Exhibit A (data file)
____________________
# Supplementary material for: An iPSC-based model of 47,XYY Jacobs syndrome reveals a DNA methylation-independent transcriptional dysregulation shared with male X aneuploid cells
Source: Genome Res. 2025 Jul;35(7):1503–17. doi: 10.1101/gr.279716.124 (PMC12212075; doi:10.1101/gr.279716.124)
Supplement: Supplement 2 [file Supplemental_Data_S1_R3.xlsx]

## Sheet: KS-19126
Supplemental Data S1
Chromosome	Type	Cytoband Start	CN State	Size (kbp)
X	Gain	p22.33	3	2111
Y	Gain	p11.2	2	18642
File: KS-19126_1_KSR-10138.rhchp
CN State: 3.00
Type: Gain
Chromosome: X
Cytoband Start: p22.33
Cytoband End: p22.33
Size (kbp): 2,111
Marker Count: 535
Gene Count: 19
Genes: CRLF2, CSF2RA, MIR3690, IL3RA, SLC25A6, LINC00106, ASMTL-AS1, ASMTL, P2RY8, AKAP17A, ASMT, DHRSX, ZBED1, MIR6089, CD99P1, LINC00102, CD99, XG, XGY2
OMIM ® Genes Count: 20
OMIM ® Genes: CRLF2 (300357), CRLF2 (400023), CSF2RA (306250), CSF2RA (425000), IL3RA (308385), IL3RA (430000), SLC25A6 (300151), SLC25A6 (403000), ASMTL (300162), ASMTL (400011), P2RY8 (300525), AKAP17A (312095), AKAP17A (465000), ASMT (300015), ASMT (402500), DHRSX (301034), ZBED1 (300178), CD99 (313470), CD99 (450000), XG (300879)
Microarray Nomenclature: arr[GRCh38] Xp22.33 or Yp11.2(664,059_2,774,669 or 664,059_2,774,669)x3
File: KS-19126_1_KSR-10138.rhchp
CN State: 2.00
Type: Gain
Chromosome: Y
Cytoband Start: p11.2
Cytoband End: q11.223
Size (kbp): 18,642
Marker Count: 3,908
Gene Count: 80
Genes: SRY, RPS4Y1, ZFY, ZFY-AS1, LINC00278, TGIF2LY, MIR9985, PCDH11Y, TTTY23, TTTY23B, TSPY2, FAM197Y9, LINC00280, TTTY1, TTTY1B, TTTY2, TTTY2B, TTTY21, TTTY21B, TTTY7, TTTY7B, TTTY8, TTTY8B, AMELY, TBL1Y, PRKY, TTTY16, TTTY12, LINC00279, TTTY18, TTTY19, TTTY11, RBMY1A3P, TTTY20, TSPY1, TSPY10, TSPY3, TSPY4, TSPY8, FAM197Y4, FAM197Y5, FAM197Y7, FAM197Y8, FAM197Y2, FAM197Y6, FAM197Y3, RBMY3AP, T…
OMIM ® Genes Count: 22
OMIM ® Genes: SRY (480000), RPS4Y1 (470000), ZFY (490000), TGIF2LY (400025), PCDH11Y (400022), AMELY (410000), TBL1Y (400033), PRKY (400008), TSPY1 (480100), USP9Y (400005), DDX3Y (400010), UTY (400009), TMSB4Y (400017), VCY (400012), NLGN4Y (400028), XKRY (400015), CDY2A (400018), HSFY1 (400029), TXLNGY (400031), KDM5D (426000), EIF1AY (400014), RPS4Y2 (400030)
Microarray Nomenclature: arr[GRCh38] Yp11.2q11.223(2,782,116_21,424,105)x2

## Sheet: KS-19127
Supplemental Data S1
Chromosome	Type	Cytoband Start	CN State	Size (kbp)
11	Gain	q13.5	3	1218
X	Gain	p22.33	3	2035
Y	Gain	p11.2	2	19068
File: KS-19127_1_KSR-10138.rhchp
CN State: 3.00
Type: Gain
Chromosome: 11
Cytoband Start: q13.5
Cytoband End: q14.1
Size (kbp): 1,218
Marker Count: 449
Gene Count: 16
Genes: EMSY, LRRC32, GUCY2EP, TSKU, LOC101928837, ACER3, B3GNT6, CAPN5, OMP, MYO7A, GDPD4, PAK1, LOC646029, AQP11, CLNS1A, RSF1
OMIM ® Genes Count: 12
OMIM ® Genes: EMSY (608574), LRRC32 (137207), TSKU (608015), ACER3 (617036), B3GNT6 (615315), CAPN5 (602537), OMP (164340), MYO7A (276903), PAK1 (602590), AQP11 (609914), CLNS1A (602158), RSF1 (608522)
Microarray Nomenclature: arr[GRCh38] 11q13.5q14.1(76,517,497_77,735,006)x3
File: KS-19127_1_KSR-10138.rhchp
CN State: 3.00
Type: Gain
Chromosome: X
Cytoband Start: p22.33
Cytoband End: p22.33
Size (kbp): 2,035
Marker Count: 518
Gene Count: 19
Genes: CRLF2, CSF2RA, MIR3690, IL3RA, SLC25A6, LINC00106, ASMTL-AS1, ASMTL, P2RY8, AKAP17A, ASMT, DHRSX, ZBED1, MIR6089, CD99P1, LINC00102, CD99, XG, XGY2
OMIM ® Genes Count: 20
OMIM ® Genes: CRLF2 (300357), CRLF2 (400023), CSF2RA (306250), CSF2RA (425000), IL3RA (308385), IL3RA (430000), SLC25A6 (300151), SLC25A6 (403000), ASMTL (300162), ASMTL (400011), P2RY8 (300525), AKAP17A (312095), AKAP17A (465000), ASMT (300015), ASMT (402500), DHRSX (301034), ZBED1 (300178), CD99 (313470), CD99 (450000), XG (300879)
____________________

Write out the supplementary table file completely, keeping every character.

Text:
# Supplementary material for: An iPSC-based model of 47,XYY Jacobs syndrome reveals a DNA methylation-independent transcriptional dysregulation shared with male X aneuploid cells
Source: Genome Res. 2025 Jul;35(7):1503–17. doi: 10.1101/gr.279716.124 (PMC12212075; doi:10.1101/gr.279716.124)
Supplement: Supplement 2 [file Supplemental_Data_S1_R3.xlsx]

## Sheet: KS-19126
Supplemental Data S1
Chromosome	Type	Cytoband Start	CN State	Size (kbp)
X	Gain	p22.33	3	2111
Y	Gain	p11.2	2	18642
File: KS-19126_1_KSR-10138.rhchp
CN State: 3.00
Type: Gain
Chromosome: X
Cytoband Start: p22.33
Cytoband End: p22.33
Size (kbp): 2,111
Marker Count: 535
Gene Count: 19
Genes: CRLF2, CSF2RA, MIR3690, IL3RA, SLC25A6, LINC00106, ASMTL-AS1, ASMTL, P2RY8, AKAP17A, ASMT, DHRSX, ZBED1, MIR6089, CD99P1, LINC00102, CD99, XG, XGY2
OMIM ® Genes Count: 20
OMIM ® Genes: CRLF2 (300357), CRLF2 (400023), CSF2RA (306250), CSF2RA (425000), IL3RA (308385), IL3RA (430000), SLC25A6 (300151), SLC25A6 (403000), ASMTL (300162), ASMTL (400011), P2RY8 (300525), AKAP17A (312095), AKAP17A (465000), ASMT (300015), ASMT (402500), DHRSX (301034), ZBED1 (300178), CD99 (313470), CD99 (450000), XG (300879)
Microarray Nomenclature: arr[GRCh38] Xp22.33 or Yp11.2(664,059_2,774,669 or 664,059_2,774,669)x3
File: KS-19126_1_KSR-10138.rhchp
CN State: 2.00
Type: Gain
Chromosome: Y
Cytoband Start: p11.2
Cytoband End: q11.223
Size (kbp): 18,642
Marker Count: 3,908
Gene Count: 80
Genes: SRY, RPS4Y1, ZFY, ZFY-AS1, LINC00278, TGIF2LY, MIR9985, PCDH11Y, TTTY23, TTTY23B, TSPY2, FAM197Y9, LINC00280, TTTY1, TTTY1B, TTTY2, TTTY2B, TTTY21, TTTY21B, TTTY7, TTTY7B, TTTY8, TTTY8B, AMELY, TBL1Y, PRKY, TTTY16, TTTY12, LINC00279, TTTY18, TTTY19, TTTY11, RBMY1A3P, TTTY20, TSPY1, TSPY10, TSPY3, TSPY4, TSPY8, FAM197Y4, FAM197Y5, FAM197Y7, FAM197Y8, FAM197Y2, FAM197Y6, FAM197Y3, RBMY3AP, T…
OMIM ® Genes Count: 22
OMIM ® Genes: SRY (480000), RPS4Y1 (470000), ZFY (490000), TGIF2LY (400025), PCDH11Y (400022), AMELY (410000), TBL1Y (400033), PRKY (400008), TSPY1 (480100), USP9Y (400005), DDX3Y (400010), UTY (400009), TMSB4Y (400017), VCY (400012), NLGN4Y (400028), XKRY (400015), CDY2A (400018), HSFY1 (400029), TXLNGY (400031), KDM5D (426000), EIF1AY (400014), RPS4Y2 (400030)
Microarray Nomenclature: arr[GRCh38] Yp11.2q11.223(2,782,116_21,424,105)x2

## Sheet: KS-19127
Supplemental Data S1
Chromosome	Type	Cytoband Start	CN State	Size (kbp)
11	Gain	q13.5	3	1218
X	Gain	p22.33	3	2035
Y	Gain	p11.2	2	19068
File: KS-19127_1_KSR-10138.rhchp
CN State: 3.00
Type: Gain
Chromosome: 11
Cytoband Start: q13.5
Cytoband End: q14.1
Size (kbp): 1,218
Marker Count: 449
Gene Count: 16
Genes: EMSY, LRRC32, GUCY2EP, TSKU, LOC101928837, ACER3, B3GNT6, CAPN5, OMP, MYO7A, GDPD4, PAK1, LOC646029, AQP11, CLNS1A, RSF1
OMIM ® Genes Count: 12
OMIM ® Genes: EMSY (608574), LRRC32 (137207), TSKU (608015), ACER3 (617036), B3GNT6 (615315), CAPN5 (602537), OMP (164340), MYO7A (276903), PAK1 (602590), AQP11 (609914), CLNS1A (602158), RSF1 (608522)
Microarray Nomenclature: arr[GRCh38] 11q13.5q14.1(76,517,497_77,735,006)x3
File: KS-19127_1_KSR-10138.rhchp
CN State: 3.00
Type: Gain
Chromosome: X
Cytoband Start: p22.33
Cytoband End: p22.33
Size (kbp): 2,035
Marker Count: 518
Gene Count: 19
Genes: CRLF2, CSF2RA, MIR3690, IL3RA, SLC25A6, LINC00106, ASMTL-AS1, ASMTL, P2RY8, AKAP17A, ASMT, DHRSX, ZBED1, MIR6089, CD99P1, LINC00102, CD99, XG, XGY2
OMIM ® Genes Count: 20
OMIM ® Genes: CRLF2 (300357), CRLF2 (400023), CSF2RA (306250), CSF2RA (425000), IL3RA (308385), IL3RA (430000), SLC25A6 (300151), SLC25A6 (403000), ASMTL (300162), ASMTL (400011), P2RY8 (300525), AKAP17A (312095), AKAP17A (465000), ASMT (300015), ASMT (402500), DHRSX (301034), ZBED1 (300178), CD99 (313470), CD99 (450000), XG (300879)